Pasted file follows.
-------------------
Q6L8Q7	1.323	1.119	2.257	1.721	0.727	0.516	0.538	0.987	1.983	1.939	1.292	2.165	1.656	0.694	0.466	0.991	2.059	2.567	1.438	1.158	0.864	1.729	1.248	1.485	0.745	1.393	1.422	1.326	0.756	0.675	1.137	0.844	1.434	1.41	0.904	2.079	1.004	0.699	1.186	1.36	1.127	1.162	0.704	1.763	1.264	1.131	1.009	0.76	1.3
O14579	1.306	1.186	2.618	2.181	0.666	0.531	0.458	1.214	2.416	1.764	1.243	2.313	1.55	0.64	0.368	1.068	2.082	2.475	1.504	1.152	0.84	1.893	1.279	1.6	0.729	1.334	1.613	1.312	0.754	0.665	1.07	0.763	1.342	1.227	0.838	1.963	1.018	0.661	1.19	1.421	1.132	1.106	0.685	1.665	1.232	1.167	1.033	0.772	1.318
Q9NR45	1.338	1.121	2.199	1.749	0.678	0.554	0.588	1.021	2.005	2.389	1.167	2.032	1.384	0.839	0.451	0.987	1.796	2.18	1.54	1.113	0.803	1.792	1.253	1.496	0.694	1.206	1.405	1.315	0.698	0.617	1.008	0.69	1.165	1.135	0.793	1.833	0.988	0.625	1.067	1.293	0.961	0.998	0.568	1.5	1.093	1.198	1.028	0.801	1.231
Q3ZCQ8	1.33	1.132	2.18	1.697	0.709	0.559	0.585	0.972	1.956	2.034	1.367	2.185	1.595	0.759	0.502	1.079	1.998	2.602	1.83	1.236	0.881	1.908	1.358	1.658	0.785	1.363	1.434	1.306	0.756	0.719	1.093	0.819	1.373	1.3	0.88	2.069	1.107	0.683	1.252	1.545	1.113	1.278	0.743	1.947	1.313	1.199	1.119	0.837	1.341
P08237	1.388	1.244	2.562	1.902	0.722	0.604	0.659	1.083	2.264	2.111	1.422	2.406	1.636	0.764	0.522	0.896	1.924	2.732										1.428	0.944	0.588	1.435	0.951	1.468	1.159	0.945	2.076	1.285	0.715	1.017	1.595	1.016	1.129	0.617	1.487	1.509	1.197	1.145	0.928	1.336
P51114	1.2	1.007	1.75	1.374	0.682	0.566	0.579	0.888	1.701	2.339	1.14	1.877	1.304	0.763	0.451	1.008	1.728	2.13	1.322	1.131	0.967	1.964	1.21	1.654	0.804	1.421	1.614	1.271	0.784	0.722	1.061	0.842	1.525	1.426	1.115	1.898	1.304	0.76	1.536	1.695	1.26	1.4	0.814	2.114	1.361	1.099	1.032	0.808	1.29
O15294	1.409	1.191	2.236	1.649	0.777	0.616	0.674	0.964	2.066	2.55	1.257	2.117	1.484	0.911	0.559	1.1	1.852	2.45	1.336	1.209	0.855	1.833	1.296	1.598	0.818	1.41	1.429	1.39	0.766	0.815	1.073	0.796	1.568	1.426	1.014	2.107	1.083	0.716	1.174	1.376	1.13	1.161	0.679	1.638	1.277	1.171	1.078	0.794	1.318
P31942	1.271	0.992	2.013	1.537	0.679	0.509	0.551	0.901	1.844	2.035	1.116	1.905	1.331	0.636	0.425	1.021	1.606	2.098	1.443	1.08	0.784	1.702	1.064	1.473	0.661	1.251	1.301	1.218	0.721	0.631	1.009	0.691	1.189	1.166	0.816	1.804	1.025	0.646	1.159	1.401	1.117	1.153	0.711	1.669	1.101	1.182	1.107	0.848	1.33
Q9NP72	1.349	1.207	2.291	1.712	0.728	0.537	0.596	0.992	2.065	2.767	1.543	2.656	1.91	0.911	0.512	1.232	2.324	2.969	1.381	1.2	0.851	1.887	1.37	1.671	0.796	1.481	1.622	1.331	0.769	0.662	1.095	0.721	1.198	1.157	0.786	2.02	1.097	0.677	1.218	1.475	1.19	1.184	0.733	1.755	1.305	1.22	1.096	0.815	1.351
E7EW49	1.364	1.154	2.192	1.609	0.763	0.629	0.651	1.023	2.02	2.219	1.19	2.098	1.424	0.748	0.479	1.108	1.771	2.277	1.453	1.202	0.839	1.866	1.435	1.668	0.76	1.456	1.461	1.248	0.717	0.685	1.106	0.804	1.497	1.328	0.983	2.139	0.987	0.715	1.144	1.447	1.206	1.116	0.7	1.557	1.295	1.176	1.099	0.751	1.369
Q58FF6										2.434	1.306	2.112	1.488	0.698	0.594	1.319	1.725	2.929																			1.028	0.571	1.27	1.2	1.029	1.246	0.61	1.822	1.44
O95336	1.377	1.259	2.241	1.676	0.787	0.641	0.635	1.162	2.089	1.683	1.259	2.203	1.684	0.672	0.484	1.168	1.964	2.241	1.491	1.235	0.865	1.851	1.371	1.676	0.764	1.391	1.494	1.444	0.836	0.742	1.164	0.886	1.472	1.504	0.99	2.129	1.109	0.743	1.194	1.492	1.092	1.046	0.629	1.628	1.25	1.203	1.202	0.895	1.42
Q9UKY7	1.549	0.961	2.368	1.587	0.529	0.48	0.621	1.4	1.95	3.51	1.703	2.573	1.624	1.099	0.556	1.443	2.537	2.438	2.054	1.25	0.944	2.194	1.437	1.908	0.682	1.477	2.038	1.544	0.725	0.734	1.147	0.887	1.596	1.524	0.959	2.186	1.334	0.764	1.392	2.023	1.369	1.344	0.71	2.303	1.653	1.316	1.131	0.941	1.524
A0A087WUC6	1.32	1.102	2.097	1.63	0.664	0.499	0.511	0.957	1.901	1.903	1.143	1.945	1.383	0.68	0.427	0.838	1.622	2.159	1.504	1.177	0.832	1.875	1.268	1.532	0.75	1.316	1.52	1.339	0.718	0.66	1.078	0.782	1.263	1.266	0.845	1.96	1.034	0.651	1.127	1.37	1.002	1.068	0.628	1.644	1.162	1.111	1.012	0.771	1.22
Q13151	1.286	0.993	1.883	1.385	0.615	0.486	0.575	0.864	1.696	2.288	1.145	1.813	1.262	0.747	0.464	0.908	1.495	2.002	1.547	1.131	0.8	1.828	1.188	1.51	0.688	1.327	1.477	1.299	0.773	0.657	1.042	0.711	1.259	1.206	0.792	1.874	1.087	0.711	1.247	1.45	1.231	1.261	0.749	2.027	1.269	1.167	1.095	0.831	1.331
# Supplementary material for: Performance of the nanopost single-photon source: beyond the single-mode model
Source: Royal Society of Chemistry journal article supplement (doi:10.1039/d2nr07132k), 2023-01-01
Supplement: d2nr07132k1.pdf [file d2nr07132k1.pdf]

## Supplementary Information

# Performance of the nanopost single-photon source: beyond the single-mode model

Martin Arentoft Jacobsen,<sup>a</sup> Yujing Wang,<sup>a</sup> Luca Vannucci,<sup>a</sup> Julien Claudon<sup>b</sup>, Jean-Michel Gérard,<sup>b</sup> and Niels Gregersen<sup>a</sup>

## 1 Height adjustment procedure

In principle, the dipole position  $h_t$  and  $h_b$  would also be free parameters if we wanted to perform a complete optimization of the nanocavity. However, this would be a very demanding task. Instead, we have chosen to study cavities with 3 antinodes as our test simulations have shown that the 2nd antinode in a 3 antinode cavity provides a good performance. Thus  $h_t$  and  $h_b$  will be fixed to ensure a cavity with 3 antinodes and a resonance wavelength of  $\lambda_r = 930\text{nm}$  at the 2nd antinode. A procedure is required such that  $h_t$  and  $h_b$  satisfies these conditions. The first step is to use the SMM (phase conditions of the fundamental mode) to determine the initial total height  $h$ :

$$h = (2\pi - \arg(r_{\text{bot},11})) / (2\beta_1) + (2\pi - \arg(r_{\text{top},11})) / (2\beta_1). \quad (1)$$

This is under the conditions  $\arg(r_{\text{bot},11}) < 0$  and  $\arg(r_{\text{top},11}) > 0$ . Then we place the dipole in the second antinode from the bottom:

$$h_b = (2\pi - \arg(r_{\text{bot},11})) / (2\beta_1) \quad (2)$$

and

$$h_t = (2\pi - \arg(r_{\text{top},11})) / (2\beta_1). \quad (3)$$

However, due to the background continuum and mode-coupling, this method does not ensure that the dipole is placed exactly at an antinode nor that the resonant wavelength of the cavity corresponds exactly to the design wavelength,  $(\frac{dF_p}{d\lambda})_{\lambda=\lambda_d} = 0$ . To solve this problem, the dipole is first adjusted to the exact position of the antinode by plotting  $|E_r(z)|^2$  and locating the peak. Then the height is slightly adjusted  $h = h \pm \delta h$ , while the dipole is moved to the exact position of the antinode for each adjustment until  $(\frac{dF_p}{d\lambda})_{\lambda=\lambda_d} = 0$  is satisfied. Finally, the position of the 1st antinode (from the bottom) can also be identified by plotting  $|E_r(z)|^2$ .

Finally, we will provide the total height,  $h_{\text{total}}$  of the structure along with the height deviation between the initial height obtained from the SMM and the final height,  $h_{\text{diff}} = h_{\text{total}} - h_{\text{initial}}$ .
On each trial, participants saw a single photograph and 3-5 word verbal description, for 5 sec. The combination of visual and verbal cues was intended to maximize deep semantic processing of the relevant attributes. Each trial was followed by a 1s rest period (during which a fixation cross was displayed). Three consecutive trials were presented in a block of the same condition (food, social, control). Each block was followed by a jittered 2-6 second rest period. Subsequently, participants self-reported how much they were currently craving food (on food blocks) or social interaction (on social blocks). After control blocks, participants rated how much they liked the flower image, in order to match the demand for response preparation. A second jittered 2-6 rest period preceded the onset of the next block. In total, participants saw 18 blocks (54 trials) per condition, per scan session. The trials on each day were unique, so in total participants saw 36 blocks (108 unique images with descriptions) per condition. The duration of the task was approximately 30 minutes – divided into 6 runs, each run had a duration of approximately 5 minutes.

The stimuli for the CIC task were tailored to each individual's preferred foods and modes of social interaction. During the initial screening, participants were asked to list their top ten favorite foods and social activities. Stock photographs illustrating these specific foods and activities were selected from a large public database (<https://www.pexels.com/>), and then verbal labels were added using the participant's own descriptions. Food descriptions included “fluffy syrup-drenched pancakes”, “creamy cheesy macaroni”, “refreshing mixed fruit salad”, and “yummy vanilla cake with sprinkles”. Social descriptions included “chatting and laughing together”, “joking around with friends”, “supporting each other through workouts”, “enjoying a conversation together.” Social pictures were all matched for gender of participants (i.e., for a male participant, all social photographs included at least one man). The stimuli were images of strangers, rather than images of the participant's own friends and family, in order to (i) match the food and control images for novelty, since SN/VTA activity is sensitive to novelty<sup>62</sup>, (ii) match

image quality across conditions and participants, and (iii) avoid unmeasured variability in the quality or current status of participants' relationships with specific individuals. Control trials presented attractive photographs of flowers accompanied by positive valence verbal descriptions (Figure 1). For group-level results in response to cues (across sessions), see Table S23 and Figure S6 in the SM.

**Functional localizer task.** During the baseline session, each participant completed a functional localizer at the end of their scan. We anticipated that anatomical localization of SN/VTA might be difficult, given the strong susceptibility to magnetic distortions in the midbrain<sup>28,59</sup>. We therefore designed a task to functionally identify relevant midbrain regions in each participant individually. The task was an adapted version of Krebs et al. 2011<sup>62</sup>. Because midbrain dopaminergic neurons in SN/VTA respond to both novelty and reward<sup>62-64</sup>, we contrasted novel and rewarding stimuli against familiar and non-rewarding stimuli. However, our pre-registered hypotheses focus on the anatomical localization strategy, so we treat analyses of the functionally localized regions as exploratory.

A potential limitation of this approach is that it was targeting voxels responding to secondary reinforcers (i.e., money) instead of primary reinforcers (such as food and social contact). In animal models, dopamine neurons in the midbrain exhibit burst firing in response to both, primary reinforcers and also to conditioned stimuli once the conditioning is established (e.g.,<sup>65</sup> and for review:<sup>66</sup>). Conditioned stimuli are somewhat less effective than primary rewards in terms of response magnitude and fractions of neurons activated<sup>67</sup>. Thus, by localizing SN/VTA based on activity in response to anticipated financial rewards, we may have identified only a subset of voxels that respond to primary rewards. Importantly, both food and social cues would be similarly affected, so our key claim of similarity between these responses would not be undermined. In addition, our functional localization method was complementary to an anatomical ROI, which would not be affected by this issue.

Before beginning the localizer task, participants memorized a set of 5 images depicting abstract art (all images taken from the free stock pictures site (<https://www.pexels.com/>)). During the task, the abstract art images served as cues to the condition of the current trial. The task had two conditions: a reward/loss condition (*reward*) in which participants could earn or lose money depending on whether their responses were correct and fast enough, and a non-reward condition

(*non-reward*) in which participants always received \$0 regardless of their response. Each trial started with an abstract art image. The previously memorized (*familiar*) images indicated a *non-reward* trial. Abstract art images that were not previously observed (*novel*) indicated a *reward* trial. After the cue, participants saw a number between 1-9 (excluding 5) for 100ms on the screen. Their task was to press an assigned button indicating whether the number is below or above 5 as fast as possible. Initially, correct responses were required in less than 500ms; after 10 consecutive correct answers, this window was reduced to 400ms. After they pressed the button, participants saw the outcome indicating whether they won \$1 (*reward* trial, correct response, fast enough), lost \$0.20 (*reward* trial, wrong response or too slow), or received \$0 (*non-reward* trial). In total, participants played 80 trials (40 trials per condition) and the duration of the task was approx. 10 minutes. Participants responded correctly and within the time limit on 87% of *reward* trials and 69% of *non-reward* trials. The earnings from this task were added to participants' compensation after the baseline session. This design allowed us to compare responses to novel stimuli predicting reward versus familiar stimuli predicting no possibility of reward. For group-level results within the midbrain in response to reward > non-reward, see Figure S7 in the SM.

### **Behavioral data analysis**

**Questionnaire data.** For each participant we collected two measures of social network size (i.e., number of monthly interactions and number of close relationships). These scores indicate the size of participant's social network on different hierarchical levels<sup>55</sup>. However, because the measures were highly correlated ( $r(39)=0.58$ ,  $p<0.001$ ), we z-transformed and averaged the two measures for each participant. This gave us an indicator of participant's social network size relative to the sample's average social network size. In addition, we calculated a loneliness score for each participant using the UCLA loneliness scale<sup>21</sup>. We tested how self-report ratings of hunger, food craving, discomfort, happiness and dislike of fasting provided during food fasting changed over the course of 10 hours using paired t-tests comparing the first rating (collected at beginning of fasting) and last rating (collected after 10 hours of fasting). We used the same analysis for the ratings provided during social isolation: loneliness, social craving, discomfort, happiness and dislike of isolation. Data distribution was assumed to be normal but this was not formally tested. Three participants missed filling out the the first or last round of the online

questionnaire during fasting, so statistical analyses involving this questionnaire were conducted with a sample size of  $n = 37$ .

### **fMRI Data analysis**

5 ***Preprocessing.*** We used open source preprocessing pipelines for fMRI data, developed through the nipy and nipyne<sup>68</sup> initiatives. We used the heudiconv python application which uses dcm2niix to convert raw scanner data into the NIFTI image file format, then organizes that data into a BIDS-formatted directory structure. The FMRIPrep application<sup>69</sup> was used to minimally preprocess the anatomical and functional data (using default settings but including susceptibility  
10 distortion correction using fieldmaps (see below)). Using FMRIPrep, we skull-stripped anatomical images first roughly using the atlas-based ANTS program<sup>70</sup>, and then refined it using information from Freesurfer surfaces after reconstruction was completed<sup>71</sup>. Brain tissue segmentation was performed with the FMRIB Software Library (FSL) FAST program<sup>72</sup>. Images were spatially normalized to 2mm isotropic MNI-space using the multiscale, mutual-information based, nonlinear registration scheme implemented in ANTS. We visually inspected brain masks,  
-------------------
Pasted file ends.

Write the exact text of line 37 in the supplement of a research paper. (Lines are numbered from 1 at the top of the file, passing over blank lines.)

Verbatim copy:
(*non-reward*) in which participants always received \$0 regardless of their response. Each trial started with an abstract art image. The previously memorized (*familiar*) images indicated a *non-reward* trial. Abstract art images that were not previously observed (*novel*) indicated a *reward* trial. After the cue, participants saw a number between 1-9 (excluding 5) for 100ms on the screen. Their task was to press an assigned button indicating whether the number is below or above 5 as fast as possible. Initially, correct responses were required in less than 500ms; after 10 consecutive correct answers, this window was reduced to 400ms. After they pressed the button, participants saw the outcome indicating whether they won \$1 (*reward* trial, correct response, fast enough), lost \$0.20 (*reward* trial, wrong response or too slow), or received \$0 (*non-reward* trial). In total, participants played 80 trials (40 trials per condition) and the duration of the task was approx. 10 minutes. Participants responded correctly and within the time limit on 87% of *reward* trials and 69% of *non-reward* trials. The earnings from this task were added to participants' compensation after the baseline session. This design allowed us to compare responses to novel stimuli predicting reward versus familiar stimuli predicting no possibility of reward. For group-level results within the midbrain in response to reward > non-reward, see Figure S7 in the SM.